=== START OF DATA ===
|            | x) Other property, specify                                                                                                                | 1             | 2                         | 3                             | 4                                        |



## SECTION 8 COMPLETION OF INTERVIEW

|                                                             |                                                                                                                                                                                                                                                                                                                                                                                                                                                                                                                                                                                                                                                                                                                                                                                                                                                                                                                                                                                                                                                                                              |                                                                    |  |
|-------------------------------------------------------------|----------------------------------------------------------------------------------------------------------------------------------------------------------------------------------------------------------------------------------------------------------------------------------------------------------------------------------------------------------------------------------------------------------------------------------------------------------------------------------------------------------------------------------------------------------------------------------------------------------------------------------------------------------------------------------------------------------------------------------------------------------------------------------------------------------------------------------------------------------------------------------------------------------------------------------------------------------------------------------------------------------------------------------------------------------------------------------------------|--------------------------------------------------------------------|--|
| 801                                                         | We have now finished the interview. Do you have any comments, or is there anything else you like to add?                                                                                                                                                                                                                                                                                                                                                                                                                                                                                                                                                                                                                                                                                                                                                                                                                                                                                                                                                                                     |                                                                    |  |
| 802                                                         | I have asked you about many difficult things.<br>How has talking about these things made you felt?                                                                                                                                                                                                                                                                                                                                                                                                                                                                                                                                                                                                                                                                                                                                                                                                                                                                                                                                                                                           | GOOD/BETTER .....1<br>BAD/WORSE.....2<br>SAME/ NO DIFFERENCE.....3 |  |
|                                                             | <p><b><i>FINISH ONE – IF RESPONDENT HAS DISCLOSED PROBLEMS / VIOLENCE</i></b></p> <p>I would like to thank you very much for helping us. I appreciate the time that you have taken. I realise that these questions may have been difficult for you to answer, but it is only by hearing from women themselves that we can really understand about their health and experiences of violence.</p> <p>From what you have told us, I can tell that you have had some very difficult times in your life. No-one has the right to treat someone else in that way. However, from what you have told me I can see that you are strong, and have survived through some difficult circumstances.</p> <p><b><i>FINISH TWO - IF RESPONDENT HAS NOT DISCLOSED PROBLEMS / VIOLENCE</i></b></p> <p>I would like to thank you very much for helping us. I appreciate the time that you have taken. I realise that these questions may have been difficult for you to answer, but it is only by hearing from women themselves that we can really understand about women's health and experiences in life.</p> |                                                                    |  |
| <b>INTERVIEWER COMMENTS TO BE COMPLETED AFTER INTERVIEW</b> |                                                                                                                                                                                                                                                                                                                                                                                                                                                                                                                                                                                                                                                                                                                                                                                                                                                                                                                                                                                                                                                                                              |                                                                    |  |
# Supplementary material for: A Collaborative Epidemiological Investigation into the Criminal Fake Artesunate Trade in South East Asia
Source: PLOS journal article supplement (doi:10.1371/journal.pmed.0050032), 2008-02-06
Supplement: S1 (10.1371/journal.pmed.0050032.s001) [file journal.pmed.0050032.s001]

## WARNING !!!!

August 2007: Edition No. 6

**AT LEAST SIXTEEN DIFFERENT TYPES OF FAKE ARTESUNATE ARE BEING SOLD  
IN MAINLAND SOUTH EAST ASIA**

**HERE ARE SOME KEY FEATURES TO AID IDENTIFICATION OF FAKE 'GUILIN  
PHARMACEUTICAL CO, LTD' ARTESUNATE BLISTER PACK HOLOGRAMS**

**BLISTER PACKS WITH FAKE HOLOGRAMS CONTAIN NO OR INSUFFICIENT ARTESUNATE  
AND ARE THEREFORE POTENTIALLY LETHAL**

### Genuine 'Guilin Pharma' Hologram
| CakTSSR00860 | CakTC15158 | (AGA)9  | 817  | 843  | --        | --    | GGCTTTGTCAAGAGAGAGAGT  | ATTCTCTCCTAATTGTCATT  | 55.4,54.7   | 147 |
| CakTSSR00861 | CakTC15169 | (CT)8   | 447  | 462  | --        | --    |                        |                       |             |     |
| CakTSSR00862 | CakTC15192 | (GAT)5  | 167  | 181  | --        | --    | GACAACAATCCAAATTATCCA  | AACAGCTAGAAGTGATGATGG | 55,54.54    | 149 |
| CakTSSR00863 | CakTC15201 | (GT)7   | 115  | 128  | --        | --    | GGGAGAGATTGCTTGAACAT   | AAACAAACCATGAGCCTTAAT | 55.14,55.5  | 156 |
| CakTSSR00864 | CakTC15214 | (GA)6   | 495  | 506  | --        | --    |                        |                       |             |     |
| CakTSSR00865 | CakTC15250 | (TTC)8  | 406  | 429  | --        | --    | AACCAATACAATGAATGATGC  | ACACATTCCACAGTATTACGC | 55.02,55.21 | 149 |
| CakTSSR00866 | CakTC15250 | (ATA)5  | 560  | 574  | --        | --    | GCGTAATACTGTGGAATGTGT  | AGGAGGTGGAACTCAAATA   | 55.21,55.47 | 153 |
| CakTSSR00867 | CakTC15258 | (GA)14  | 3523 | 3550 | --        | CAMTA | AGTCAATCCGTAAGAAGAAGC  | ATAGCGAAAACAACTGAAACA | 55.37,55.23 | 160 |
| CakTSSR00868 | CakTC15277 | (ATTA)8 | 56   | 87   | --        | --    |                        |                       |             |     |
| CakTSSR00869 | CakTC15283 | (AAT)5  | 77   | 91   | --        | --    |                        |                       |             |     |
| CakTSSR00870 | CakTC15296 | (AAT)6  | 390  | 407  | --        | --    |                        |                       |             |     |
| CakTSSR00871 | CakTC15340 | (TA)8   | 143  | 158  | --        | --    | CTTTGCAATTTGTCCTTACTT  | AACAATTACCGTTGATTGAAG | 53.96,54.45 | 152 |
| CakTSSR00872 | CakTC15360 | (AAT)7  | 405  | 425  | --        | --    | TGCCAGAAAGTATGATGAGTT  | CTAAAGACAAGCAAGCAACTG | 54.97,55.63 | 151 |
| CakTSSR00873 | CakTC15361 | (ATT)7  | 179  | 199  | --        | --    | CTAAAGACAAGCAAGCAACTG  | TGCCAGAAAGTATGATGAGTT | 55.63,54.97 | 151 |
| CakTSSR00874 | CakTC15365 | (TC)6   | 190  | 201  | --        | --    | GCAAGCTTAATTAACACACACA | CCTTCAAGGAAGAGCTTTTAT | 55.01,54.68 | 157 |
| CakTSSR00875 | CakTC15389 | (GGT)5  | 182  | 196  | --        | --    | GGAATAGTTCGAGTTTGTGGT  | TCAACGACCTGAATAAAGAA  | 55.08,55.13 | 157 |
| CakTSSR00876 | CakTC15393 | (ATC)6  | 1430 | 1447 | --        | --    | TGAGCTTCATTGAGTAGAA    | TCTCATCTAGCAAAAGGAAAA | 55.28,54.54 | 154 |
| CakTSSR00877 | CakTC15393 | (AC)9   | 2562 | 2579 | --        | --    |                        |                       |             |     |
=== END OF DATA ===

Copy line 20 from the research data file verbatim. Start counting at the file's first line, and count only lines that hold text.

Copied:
### Genuine 'Guilin Pharma' Hologram